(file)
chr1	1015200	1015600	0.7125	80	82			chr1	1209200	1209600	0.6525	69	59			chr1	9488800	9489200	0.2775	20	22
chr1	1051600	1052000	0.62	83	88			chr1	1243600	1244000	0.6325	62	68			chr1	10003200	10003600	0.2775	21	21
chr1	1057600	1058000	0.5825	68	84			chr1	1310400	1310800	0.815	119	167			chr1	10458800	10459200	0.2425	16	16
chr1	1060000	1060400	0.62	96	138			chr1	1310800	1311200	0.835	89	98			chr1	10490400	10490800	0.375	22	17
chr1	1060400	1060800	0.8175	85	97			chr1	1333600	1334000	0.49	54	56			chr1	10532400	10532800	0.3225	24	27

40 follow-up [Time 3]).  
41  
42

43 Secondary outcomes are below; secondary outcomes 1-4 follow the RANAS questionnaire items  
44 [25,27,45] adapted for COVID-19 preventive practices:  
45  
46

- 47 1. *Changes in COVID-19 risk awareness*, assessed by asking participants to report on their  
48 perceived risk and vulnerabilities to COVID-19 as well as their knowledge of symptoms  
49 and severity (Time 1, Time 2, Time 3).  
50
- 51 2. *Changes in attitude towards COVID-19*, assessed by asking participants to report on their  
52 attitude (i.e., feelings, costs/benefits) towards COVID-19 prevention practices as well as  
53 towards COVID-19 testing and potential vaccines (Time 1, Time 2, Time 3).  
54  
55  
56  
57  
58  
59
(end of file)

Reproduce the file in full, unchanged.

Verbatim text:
chr1	1015200	1015600	0.7125	80	82			chr1	1209200	1209600	0.6525	69	59			chr1	9488800	9489200	0.2775	20	22
chr1	1051600	1052000	0.62	83	88			chr1	1243600	1244000	0.6325	62	68			chr1	10003200	10003600	0.2775	21	21
chr1	1057600	1058000	0.5825	68	84			chr1	1310400	1310800	0.815	119	167			chr1	10458800	10459200	0.2425	16	16
chr1	1060000	1060400	0.62	96	138			chr1	1310800	1311200	0.835	89	98			chr1	10490400	10490800	0.375	22	17
chr1	1060400	1060800	0.8175	85	97			chr1	1333600	1334000	0.49	54	56			chr1	10532400	10532800	0.3225	24	27

40 follow-up [Time 3]).  
41  
42

43 Secondary outcomes are below; secondary outcomes 1-4 follow the RANAS questionnaire items  
44 [25,27,45] adapted for COVID-19 preventive practices:  
45  
46

- 47 1. *Changes in COVID-19 risk awareness*, assessed by asking participants to report on their  
48 perceived risk and vulnerabilities to COVID-19 as well as their knowledge of symptoms  
49 and severity (Time 1, Time 2, Time 3).  
50
- 51 2. *Changes in attitude towards COVID-19*, assessed by asking participants to report on their  
52 attitude (i.e., feelings, costs/benefits) towards COVID-19 prevention practices as well as  
53 towards COVID-19 testing and potential vaccines (Time 1, Time 2, Time 3).  
54  
55  
56  
57  
58  
59